I was having an existential crisis during my drive home on Wednesday, 1/6/2021. It was hard to get out of a mundane day at work and scroll through my phone and see everything that had been going on while I worked. Nothing makes you feel like a minuscule tiny worker ant in this world more than working all day to suddenly find out all hell is breaking loose (more than usual) in your country and all of us at work were just going about our day doing what we always do. I didn’t understand why I was on the verge of crying the whole way home. Stuck in horrid San Antonio 1604 traffic, wondering if the people inside the sea of cars in front and behind me where feeling the same way, but unfortunately there was nothing else to do but sit in traffic with our thoughts in our daily commute to get home. Or the scary thought that maybe they were sitting in their cars wishing that was them.
I would consider myself patriotic. I love that I was privileged enough to be born in this country, especially as a female in a poor family. I read “The Moment of Lift: How Empowering Women Changes the World” by Melinda Gates and the thing that really struck a chord with me is how many things I don’t even think twice about that so many women in third world countries yearn for… I too could have been born to the “untouchable” caste in India through no fault of my own.
The next day I sat to write what I’m grateful for (a practice I do consistently before I begin my work day) and instead of being stressed and freaking out about everything going on, I wrote that I was thankful that I was blessed enough to be born in the USA and partake in my own version of the American dream. My version of the American dream is not lacking anything I need (not being worried about having a place to sleep, not having to worry about where my next meal is coming from, not having to worry about bad weather and walking to work, etc.) and being free to go places I want to go, live where I want to live, learn what I want to learn, and love who I want to love. My American dream was being able to break the generational poverty and under-educated cycle, something that would have been much harder to do in my mom’s hometown of Teremendo, Michoacan.
The thing is, when I really think about it, I wasn’t really born here by chance. My mom made a conscious decision to come to the United States, more than once! I’m sad to say that I haven’t been able to get a complete account of my mom’s early life and all her adventures, I just know little bits in pieces. I know that she has crossed the border more than once in her life and I know that one of the times was through the desert while pregnant and she always say she can’t describe how tired and ready to give up she was. She told the group to just leave her behind, but thankfully, giving up and being left in the desert to die was not written in her stars.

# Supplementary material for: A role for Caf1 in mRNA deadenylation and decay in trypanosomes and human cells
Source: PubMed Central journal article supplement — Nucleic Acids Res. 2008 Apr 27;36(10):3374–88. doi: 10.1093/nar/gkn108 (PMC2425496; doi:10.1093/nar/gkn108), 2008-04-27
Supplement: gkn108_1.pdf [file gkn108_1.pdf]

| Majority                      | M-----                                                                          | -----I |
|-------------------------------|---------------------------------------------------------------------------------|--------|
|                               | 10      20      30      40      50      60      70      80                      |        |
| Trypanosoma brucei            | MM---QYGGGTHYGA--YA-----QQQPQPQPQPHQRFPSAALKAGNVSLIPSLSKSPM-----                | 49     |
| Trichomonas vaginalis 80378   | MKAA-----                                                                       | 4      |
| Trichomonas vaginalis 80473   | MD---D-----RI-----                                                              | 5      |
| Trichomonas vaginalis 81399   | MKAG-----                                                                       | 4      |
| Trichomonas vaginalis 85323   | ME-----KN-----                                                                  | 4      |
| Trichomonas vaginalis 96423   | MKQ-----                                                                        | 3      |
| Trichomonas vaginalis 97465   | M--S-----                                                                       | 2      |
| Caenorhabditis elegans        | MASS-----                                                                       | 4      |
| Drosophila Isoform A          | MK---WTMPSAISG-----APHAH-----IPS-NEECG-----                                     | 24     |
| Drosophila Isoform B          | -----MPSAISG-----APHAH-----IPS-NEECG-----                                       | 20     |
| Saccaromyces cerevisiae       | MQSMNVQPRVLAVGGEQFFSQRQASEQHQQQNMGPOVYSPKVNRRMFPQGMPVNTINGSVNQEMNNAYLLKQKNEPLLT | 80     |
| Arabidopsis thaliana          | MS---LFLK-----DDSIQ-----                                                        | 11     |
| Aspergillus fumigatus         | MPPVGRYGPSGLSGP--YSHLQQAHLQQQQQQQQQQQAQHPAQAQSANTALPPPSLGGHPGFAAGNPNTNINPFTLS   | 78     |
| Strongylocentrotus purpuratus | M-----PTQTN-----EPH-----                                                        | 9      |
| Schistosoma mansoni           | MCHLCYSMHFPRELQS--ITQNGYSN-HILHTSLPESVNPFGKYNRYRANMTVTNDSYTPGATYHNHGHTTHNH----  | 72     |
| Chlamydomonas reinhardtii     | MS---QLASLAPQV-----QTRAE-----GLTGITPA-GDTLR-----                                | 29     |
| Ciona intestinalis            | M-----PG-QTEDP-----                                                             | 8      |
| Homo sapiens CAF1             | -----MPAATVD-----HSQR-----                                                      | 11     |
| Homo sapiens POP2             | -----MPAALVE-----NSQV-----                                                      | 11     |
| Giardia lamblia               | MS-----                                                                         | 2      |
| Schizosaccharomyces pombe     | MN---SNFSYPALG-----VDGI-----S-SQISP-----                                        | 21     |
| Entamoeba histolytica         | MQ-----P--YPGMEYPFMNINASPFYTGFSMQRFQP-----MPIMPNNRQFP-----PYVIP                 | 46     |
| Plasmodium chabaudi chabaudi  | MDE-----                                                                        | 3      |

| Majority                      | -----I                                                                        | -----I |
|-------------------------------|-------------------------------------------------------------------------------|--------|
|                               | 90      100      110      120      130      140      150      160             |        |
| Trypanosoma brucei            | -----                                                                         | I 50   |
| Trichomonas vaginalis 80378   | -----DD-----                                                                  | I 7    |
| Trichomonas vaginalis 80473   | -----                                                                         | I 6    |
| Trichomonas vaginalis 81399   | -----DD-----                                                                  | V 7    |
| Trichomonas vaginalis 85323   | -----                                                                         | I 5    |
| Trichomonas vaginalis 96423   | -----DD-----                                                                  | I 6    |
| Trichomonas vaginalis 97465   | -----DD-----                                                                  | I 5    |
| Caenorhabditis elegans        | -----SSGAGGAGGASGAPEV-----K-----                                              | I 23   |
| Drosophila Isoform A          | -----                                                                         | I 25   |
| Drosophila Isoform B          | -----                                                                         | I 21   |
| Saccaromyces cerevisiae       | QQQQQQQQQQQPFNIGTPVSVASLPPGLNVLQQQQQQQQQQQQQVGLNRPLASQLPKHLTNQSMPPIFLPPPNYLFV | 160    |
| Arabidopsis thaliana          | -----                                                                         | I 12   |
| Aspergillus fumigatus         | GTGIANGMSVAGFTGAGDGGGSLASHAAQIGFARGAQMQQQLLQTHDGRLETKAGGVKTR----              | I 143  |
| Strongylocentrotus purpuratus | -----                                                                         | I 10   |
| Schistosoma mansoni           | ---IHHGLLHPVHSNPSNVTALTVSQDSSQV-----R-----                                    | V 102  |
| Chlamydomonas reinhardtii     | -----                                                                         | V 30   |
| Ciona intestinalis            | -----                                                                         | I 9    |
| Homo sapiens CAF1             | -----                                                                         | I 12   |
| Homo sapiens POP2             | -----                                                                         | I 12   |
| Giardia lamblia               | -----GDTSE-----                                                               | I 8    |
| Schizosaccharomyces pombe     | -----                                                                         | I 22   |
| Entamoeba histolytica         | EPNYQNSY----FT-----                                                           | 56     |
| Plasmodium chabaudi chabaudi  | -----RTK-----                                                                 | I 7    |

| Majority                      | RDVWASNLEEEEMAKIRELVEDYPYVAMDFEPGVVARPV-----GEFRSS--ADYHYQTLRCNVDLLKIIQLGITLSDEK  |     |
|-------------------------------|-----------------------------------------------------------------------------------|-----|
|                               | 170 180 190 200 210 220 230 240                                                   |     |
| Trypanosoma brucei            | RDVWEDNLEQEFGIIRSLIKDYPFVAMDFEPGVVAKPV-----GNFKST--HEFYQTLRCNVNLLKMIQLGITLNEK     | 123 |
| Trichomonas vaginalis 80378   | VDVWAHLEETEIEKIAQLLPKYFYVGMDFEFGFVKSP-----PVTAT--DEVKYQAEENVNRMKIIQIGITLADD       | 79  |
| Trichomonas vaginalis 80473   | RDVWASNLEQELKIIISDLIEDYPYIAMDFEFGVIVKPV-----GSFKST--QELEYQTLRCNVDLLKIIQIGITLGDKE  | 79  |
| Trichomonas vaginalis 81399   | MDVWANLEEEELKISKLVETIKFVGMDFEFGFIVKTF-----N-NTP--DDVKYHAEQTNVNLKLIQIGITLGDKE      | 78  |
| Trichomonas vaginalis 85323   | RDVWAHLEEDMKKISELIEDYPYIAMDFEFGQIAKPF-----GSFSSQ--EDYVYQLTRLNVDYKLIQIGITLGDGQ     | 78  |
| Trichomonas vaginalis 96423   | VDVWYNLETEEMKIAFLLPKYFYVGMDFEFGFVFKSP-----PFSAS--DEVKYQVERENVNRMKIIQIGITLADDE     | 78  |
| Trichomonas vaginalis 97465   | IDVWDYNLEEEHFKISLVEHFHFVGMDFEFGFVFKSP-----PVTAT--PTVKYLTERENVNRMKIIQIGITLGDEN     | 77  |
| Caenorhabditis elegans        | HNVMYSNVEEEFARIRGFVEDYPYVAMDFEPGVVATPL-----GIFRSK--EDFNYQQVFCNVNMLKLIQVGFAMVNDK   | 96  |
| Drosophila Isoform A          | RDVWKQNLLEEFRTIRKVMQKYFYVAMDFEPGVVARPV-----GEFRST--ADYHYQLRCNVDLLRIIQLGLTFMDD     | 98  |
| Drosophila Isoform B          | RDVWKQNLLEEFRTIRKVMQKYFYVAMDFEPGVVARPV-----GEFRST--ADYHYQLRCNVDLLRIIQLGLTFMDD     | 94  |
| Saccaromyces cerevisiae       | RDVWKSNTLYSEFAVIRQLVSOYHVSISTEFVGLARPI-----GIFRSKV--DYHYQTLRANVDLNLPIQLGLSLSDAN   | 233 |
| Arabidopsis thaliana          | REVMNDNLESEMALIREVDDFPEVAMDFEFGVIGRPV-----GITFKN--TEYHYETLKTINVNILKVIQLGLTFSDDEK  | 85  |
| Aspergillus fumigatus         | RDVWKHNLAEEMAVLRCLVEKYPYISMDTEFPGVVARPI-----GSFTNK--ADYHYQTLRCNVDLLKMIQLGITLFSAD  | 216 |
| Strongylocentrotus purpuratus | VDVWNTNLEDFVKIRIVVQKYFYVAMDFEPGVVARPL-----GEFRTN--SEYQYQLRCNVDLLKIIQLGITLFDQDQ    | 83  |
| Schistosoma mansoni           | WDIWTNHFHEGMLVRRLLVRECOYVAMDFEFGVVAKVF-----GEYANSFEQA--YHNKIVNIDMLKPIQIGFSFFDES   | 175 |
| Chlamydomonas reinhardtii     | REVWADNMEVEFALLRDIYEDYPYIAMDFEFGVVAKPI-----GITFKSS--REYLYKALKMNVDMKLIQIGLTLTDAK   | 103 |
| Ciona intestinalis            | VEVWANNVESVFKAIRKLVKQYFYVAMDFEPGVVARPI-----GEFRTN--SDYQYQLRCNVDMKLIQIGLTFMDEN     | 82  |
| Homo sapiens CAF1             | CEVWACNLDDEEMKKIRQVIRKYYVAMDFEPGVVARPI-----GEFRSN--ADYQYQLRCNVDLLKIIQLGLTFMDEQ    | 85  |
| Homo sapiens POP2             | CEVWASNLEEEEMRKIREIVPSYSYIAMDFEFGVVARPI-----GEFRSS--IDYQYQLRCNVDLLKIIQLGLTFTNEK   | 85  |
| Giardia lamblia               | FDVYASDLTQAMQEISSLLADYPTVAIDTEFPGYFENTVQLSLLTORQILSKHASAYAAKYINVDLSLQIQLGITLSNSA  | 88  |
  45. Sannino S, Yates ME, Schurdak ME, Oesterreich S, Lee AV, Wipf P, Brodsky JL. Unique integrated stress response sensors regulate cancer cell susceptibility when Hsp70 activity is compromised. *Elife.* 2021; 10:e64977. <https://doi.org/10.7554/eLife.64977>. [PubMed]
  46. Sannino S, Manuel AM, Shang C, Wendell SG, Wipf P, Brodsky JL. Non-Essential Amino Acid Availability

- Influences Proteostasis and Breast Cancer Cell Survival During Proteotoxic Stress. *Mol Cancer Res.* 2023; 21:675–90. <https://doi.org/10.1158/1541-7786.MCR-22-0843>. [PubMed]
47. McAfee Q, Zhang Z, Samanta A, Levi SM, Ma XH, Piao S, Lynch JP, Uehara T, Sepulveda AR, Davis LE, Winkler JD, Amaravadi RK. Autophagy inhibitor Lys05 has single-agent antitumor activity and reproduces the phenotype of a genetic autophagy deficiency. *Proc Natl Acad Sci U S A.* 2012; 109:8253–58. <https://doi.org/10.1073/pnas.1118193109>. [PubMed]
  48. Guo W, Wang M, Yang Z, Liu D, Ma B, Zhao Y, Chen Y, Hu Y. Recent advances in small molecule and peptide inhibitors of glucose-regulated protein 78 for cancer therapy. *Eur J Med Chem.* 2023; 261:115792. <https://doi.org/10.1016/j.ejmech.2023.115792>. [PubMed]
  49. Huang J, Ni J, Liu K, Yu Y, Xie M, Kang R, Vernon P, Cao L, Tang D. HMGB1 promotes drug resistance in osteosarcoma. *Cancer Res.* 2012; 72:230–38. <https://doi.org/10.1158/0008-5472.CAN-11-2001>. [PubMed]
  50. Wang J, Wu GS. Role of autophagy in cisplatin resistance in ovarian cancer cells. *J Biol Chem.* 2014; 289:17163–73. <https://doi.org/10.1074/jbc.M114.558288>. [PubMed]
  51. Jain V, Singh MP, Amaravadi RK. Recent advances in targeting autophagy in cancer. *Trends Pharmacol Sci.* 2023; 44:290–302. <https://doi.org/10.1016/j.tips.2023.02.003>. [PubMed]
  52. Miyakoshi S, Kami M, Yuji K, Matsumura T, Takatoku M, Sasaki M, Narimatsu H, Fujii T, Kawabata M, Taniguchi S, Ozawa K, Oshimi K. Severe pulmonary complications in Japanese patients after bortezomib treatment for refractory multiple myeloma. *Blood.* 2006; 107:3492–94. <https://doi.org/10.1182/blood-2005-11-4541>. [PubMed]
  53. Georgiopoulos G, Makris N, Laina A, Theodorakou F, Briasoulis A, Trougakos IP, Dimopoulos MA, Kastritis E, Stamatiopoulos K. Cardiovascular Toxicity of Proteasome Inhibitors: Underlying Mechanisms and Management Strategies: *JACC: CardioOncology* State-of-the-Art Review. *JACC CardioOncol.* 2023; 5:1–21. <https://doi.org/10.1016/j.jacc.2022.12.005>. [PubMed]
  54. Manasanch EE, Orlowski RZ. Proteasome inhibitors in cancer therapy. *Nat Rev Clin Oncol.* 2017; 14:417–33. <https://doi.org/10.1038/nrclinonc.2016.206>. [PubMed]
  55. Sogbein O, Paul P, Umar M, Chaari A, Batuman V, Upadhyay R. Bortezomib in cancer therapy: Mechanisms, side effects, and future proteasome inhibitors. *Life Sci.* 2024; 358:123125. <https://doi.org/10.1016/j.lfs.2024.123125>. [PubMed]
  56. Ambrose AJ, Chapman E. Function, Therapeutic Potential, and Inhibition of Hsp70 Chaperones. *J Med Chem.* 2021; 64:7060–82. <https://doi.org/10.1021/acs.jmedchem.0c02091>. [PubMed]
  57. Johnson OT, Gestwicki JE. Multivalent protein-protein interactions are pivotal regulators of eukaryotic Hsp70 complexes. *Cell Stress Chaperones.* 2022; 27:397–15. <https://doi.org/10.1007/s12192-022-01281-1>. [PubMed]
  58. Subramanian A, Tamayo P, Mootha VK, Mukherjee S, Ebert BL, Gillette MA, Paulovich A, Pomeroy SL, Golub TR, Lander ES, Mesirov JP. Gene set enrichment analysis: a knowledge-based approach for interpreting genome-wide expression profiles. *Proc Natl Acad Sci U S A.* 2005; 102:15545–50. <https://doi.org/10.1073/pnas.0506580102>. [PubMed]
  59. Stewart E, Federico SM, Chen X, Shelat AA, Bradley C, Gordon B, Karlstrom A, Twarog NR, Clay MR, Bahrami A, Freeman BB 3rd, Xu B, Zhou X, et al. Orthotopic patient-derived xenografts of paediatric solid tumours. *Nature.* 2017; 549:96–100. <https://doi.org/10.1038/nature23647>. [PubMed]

I appreciate the desperation and tenacity of anyone who would cross the desert for a chance of a better life, especially one who would do it while pregnant. As a geologist, I’ve spent a good amount of time mapping in the desert, full outdoor gear, plenty of water, plenty of snacks, and I always knew at the end of the day I would get to relax and drink a beer at the campsite. Even with all that preparation and knowledge of an ice cold beer waiting for me, it was still one of the most brutal experiences having the sun beaming against you so bad that you’re not sure how your hair hasn’t caught fire yet. My mom’s story isn’t even unique, there has been plenty before her and after her that travel from further and through worst conditions to shoot their shot in el otro lado.
Side note: My favorite books I read this year were “The Distance Between Us” and “A Dream Called Home”, both are memoirs by Reyna Grande. Stories like hers really put things into perspective and even make me feel like I need to step up my game, if she could get to where she is with all her obstacles, I have no excuse.
My mom is very standoffish if you don’t know her; she isn’t the warmest loving huggy touchy feely type of mom, but no doubt she loved us even before she knew us, that is why she came here. She is a kickass persistent strong woman and two years ago on this date, 01/14/2019, she became a United States Citizen.
I think her version of the American dream was not having to worry about being deported and separated from us and that is why it took her so long. She always wanted to be here legally, but in order to fix her status, she would have to go back to Mexico and wait leaving us behind. She was not going to leave us behind so she gave up on being here legally and seeing her family in Mexico for over 30 years to stay here with us. My mom never cries, but the one time I saw her cry was when her mom passed away. Can you imagine leaving home at 18 and never being able to go back and see your mom because you risked being separated from your own kids? All because you were born on the wrong side of an imaginary line…I could go on forever, but I will spare you.
I know it makes her happy to brag about our achievements to her coworkers, but I just really want to brag about her achievement today, that is why I wrote this. I love you mom.